Valentine’s Day is right round the corner, and it won’t be long before florists worldwide will be giddy with profit. Let’s not forget that the same will go for restaurants, candy shops, and, yes, Hallmark. The V-Day tradition has endured for so long that it’s near impossible to imagine 14th February sans the gifts. But why exactly do we give gifts on Valentine’s Day? Believe you us, when we say: It all started with a young priest in a jail cell.


That young priest was named Valentine.

St Valentine Kneeling In Supplication
Image Credit: David Teniers III | Commons.wikipedia.org

And Valentine was a total bad-a**, to say the least. His story starts in the third century, when the Roman Emperor Claudius II outlawed marriage because he believed that single men made better soldiers (The tragedy!). Valentine was furious with this injustice, and bravely continued to perform marriages for young lovers; in secret, of course.

Word got out.

woman putting a finger between her lips
Image Credit: Kristina Flour | Unsplash.com

As it almost always eventually does, and Valentine was sentenced to death. While awaiting imminent death, our young priest fell in love with his jailer’s daughter, who would come to visit him in his cell. Before giving up the ghost, he sent her a letter, signed, ‘From your Valentine’, not knowing it would be an expression used even centuries after his death.

Valentine died an outlaw.

skull on floor
Image Credit: Matthew MacQuarrie | Unsplash.com

On 14th February, 270 AD. It was only in 496 AD that Pope Gelasius declared the date a day to honour Valentine, who by that time had become a well-remembered saint. We thus continue to honour the courageous St. Valentine by celebrating our love for significant others, friends, and family.

Cool story, eh?

roses with picnic basket and wine
Image Credit: Seth Reese | Unsplash.com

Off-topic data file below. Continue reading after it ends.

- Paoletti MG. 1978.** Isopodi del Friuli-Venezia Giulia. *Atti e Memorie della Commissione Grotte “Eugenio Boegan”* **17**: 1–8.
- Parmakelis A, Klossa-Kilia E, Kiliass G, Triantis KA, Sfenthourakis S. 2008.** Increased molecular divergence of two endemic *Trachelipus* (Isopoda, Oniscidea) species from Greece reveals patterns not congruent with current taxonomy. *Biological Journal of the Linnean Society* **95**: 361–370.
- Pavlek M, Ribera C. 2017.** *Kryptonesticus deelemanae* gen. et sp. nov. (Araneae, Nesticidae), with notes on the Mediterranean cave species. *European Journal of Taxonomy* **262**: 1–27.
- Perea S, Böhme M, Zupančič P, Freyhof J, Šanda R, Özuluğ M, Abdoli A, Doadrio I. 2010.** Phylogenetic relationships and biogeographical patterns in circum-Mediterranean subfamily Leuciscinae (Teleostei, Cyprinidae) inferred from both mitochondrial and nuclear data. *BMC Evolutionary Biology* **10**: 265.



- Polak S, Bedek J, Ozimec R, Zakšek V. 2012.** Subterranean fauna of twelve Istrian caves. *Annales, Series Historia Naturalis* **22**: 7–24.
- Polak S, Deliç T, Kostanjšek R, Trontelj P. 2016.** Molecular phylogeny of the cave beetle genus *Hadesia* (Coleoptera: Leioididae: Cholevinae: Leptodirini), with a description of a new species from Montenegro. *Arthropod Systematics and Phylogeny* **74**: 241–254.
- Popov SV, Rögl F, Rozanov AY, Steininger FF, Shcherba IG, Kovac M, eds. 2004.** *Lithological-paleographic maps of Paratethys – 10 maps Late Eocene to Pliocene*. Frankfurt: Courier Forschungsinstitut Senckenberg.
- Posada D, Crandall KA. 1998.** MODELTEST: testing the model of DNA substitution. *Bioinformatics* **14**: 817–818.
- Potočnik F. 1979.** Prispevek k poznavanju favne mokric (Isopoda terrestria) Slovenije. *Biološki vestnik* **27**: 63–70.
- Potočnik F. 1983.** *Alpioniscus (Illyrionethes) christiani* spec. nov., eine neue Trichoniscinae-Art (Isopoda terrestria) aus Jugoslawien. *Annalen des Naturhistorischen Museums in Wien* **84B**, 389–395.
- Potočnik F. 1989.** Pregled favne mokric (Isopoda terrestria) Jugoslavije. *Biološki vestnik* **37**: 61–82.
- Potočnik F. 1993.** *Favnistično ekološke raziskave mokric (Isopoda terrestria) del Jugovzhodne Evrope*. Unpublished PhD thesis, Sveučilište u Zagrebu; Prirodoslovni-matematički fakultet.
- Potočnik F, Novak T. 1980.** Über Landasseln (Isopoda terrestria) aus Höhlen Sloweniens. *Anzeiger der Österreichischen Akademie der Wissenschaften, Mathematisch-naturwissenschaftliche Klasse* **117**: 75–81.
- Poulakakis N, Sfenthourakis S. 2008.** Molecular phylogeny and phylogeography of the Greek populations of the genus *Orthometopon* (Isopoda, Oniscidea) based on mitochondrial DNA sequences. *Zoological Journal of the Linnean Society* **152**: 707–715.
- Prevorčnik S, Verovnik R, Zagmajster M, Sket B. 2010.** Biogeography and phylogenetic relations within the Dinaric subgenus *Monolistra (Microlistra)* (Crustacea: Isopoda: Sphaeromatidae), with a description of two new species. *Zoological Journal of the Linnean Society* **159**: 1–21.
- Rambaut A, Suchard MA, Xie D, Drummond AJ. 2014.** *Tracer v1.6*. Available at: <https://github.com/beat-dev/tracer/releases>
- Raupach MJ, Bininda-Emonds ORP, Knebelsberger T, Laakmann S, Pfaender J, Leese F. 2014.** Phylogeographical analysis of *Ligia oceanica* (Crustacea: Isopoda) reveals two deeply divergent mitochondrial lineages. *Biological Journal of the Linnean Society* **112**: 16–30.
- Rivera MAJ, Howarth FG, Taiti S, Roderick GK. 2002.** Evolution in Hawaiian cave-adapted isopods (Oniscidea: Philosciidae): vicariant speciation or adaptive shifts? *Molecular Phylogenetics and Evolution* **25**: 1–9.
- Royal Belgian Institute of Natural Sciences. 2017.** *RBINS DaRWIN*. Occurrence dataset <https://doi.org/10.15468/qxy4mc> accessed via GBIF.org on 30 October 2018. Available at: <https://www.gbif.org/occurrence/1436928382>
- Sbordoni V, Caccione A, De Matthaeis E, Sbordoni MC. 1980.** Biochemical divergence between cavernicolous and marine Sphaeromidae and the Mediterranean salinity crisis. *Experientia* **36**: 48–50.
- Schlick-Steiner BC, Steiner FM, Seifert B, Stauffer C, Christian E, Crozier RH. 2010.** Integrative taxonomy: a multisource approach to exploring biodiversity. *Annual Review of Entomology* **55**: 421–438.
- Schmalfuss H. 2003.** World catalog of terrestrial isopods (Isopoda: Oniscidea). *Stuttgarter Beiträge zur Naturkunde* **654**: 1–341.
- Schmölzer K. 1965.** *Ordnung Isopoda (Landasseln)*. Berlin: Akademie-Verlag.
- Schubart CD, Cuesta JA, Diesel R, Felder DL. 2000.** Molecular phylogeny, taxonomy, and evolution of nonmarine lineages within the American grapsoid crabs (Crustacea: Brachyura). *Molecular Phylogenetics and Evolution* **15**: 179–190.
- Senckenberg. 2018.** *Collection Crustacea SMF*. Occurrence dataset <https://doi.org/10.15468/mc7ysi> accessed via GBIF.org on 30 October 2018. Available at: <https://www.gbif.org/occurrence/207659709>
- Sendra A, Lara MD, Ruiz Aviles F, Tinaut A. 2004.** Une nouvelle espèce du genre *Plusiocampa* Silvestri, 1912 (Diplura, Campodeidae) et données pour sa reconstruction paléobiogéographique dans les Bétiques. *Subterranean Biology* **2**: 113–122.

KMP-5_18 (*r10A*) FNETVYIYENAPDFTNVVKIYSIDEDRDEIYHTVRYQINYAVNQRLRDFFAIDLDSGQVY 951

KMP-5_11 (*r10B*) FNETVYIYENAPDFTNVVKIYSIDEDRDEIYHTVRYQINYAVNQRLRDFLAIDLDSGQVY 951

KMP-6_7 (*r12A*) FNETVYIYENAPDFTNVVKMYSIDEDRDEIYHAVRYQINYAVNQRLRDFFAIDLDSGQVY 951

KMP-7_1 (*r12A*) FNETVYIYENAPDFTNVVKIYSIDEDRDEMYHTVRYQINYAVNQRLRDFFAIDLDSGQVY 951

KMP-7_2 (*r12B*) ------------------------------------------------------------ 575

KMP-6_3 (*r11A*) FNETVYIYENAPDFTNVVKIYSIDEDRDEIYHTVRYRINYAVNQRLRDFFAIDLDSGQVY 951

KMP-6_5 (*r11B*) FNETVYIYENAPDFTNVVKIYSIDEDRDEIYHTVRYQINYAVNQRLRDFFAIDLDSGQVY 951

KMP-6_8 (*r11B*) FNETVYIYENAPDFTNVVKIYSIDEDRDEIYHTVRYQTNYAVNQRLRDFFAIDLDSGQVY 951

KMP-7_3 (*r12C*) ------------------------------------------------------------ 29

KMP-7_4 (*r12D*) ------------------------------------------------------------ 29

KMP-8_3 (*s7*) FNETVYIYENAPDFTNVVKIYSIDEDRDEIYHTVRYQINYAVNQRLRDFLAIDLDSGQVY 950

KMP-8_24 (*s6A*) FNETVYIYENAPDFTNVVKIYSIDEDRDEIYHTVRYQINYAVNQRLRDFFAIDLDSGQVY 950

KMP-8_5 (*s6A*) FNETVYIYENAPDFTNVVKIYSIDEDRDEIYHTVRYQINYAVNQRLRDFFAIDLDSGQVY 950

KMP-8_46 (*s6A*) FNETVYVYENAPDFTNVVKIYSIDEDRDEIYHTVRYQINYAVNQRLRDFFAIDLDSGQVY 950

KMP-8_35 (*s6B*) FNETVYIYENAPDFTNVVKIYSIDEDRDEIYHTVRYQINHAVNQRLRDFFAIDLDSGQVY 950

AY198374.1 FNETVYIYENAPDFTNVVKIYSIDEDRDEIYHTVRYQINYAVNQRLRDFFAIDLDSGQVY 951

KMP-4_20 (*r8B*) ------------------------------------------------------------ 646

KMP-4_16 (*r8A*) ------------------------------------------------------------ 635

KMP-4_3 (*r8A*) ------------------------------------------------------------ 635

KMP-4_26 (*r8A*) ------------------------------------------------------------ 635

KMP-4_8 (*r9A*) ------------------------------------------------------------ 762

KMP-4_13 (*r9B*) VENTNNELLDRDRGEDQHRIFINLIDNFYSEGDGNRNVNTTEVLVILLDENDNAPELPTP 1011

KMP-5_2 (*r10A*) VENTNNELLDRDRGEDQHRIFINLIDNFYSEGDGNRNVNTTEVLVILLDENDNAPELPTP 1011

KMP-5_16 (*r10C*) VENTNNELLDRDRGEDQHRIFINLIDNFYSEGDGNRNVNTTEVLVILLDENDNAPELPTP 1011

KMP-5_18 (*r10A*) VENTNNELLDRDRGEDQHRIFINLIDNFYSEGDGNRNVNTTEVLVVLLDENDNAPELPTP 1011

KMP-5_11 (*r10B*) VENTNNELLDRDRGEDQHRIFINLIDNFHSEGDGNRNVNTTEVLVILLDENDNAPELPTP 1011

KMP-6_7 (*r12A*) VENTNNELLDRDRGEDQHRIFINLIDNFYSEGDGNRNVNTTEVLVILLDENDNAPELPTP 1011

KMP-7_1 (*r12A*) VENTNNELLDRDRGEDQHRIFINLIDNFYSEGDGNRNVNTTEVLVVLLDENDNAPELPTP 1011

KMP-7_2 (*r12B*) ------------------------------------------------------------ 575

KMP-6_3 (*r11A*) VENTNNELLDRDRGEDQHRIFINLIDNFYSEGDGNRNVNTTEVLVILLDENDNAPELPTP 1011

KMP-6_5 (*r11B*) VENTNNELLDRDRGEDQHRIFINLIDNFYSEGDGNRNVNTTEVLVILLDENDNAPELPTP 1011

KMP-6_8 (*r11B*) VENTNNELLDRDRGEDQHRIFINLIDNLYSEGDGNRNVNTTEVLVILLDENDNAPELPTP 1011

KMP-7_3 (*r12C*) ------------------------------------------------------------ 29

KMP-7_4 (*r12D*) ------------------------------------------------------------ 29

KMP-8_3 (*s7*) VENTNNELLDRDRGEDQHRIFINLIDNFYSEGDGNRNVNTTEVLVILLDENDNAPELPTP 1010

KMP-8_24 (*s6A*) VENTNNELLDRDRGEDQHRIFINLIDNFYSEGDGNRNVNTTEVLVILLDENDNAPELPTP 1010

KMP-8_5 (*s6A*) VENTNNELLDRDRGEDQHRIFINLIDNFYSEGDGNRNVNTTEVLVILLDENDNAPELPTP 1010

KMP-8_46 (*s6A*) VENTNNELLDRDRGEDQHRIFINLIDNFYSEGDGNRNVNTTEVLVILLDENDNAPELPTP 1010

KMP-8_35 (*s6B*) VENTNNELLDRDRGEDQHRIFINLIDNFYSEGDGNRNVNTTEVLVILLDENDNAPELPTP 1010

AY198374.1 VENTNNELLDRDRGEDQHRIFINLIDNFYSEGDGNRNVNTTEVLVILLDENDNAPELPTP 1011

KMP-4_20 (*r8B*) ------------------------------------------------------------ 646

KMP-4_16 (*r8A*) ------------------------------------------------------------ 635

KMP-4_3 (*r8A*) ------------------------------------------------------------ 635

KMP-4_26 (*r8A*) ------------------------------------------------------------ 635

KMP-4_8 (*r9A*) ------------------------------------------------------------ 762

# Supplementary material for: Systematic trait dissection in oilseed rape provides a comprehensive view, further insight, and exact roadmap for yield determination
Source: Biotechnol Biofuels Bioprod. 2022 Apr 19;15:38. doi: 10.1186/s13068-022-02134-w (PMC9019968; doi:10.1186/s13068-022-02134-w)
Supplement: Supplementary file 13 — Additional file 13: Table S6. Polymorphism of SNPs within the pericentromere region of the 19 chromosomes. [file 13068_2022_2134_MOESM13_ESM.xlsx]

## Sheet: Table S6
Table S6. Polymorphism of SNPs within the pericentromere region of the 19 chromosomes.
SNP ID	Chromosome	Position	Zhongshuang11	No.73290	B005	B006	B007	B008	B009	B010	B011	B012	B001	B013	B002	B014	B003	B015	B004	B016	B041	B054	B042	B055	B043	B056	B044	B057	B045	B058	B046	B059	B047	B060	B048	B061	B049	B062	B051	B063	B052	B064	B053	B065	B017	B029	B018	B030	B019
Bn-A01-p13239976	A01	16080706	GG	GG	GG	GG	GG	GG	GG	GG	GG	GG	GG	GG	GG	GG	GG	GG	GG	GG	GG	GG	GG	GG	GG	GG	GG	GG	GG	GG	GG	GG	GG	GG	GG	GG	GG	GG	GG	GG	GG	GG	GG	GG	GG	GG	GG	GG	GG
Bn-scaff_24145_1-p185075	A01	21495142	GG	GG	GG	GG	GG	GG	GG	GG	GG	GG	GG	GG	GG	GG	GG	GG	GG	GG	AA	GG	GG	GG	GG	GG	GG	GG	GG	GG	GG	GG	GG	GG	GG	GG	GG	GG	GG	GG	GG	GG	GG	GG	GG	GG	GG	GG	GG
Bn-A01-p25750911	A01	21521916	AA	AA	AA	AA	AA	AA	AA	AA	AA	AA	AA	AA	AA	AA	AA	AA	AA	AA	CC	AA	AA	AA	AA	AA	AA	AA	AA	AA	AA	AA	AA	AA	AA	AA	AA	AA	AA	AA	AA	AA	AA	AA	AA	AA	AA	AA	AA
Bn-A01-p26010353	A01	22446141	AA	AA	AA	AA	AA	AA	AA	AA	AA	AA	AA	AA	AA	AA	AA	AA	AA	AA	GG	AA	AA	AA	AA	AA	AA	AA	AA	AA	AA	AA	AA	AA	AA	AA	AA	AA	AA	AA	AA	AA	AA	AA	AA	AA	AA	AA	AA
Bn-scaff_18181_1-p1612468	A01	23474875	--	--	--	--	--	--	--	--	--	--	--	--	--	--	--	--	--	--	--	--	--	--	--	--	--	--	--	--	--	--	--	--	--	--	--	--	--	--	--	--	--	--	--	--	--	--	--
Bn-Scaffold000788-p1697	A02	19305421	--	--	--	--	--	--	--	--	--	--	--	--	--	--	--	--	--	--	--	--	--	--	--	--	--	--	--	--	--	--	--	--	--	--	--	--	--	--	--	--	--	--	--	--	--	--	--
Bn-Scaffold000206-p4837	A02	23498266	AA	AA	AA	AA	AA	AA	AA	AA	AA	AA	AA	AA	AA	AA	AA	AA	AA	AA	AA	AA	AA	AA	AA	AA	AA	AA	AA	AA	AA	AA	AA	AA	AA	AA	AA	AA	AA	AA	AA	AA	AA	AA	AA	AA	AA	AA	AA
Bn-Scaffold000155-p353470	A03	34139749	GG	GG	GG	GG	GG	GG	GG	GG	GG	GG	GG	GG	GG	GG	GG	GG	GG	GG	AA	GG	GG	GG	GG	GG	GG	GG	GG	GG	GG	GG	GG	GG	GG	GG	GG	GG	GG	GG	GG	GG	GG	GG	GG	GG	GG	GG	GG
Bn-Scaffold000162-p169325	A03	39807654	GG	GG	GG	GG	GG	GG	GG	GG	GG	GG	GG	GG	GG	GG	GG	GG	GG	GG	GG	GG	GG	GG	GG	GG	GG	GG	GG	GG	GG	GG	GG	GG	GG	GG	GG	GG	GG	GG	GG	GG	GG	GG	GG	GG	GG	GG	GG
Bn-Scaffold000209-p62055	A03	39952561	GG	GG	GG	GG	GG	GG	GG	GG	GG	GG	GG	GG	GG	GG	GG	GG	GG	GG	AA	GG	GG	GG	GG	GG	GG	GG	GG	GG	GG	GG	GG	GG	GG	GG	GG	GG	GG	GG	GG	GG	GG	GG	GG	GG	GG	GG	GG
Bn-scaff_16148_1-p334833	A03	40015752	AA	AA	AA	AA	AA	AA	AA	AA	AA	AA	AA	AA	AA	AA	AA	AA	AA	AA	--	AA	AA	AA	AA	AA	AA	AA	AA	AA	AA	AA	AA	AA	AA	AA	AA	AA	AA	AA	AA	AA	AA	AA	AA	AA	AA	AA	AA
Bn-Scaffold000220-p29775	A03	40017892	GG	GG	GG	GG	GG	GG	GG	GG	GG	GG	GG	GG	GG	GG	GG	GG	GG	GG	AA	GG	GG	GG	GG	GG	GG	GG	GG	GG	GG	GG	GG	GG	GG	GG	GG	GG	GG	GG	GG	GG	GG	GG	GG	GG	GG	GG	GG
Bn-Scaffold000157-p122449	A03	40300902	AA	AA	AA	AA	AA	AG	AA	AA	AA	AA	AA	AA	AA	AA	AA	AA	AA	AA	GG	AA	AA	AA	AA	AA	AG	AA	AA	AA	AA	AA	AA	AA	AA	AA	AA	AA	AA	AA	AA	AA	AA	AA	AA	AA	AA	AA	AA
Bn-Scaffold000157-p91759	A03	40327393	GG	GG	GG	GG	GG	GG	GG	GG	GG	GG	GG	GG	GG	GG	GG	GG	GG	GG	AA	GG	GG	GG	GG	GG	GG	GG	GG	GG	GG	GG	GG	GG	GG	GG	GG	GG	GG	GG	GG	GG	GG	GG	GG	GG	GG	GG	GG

Since we’ve already got you unraveling history… Do you know why flowers, chocolates, and cards stay à la mode every single year?

Flowers were used to send hidden messages.

red rose with bokeh lights
Image Credit: Nathan Fertig | Unsplash.com

Introduced in the 18th century by Charles II of Sweden, the art of speaking through flowers was simple- Each flower had a specific meaning attached to it, meaning lovers could have an entire conversation with just roses, lilies, and the like. Today, we send flowers to each other to express popular sentiments of love and admiration. The rose, for example, is supposed to be the favourite flower of Venus, the goddess of love, because it symbolises strong feelings.

Cards- An almost direct result of yet another imprisonment.

painting of flowers
Image Credit: Victoria Blisborough | Unsplash.com

The earliest surviving record of a Valentine’s Day card is known to be written by Charles the Duke of Orleans, to his wife. The card was penned while he was imprisoned in the Tower of London, after being captured at the Battle of Agincourt, and contained a medieval French poem titled, “Farewell To Love”. In the 16th century, cards had become so common on Valentine’s Day that several religious leaders even preached against them.

We can thank the Spanish for chocolates.

chocolate in box
Image Credit: Jennifer Pallian | Unsplash.com

We have the Spanish explorers to thank for this delicious cocoa treat. After they brought chocolate back from the New World in the 17th century, chocolate, which was popularly known for its aphrodisiac effects, quickly became Europe’s choice Valentine’s Day candy.


Surprised at the humble beginnings of Valentine’s Day? Traditionally, husbands and boyfriends alike would bring their beloved ones roses, cards, and chocolates as displays of their love. Today, we’ve expanded to become more creative with our gifts- with soft toys, gadgets, and jewellery being just a few of our top modern-day choices. Whatever your personal traditions are, we hope that you’ll enjoy your Valentine’s Day with your loved one. Do St. Valentine proud!

Read More: The Smart Way To Confess To Your Crush On Valentine’s Day

*Featured Image Credit: Bart Larue | Unsplash.com